Object Place: Boston, Massachusetts


5 x 20 x 13.7 cm (1 15/16 x 7 7/8 x 5 3/8 in.)

Accession Number


Medium or Technique


Not On View




Silver hollowware

The raised porringer has convex sides and a center point in its large domed base. The cast geometric-style handle is soldered at right angles to the everted rim. A repair is visible at the rim, to right of handle.

This previously unpublished porringer is one of at least twenty-four known examples that Coney fashioned between 1695 and 1715. Its geometric-style handle, which the silversmith favored, is similar to another he fashioned in 1710, which is in the Museum’s collection (31.219).
The porringer is one of a group of early Massachusetts silver owned by the Norton and Mason families of Hingham. In addition, Coney made a sugar box and tankard, the latter bearing the Norton arms, for Elizabeth Norton’s parents, the Rev. John and Mary (Mason) Norton. John Edwards produced a tankard for the family, and William Cowell Sr. fashioned a pepper box. Elizabeth’s maternal grandparents, Arthur and Joanna (Parker) Mason, owned a porringer with a trefoil handle, made by John Hull and Robert Sanderson. That porringer descended in a family line closely related to the donors of this example.

This text has been adapted from “Silver of the Americas, 1600-2000,” edited by Jeannine Falino and Gerald W.R. Ward, published in 2008 by the MFA. Complete references can be found in that publication.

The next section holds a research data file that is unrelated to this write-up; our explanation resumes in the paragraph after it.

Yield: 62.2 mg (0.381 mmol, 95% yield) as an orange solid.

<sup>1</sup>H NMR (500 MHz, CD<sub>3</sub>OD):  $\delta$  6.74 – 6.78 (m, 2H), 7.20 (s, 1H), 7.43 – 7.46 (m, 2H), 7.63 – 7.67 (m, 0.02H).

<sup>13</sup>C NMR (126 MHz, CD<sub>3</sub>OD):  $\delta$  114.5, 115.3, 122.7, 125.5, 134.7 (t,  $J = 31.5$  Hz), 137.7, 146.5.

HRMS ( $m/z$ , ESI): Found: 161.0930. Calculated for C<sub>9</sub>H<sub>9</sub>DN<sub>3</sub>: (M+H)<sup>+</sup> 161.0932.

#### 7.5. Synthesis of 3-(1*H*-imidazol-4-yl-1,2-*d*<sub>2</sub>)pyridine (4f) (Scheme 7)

Engraved "E N" in shaded roman letters on handle, facing away from bowl.


Marked "IC" over a coney within a heart-shaped device, to left of handle at rim.


Made for Elizabeth Norton (1695 – 1769) of Hingham, daughter of the Rev. John Norton (about 1651 – 1716) and Mary Mason (1661 – 1740), m. 1678, possibly on the occasion of her marriage in 1715 to John Quincy (1689 – 1767) of Braintree. To their daughter Lucy Quincy (1729 – 1785) and Cotton Tufts (1732 – 1815) of North Weymouth, Massachusetts, m. 1755. To their son Cotton Tufts II (1757 – 1833) and Mercy Brooks (1763 – 1849), m. 1788; at this point the porringer probably crossed to the Brooks family. Possibly to Margaret Austin Brooks (1817 – 1886), niece of Mercy Brooks Tufts, and her husband, William Brigham (1806 – 1869), m. 1840; to their daughter Mary Brooks Brigham (1851 – 1919) and McPherson LeMoyne (1835 – 1900), m. 1875; to their son Charles LeMoyne (1876 – 1952) and Clara Marcus; to his daughter Mary Brooks LeMoyne (1917 – 2000) and William K. Zinszer (1914 – 2000); to their children, the donors.

Credit Line

Gift of Barbara Zinszer Hyre and Paul Harvey Zinszer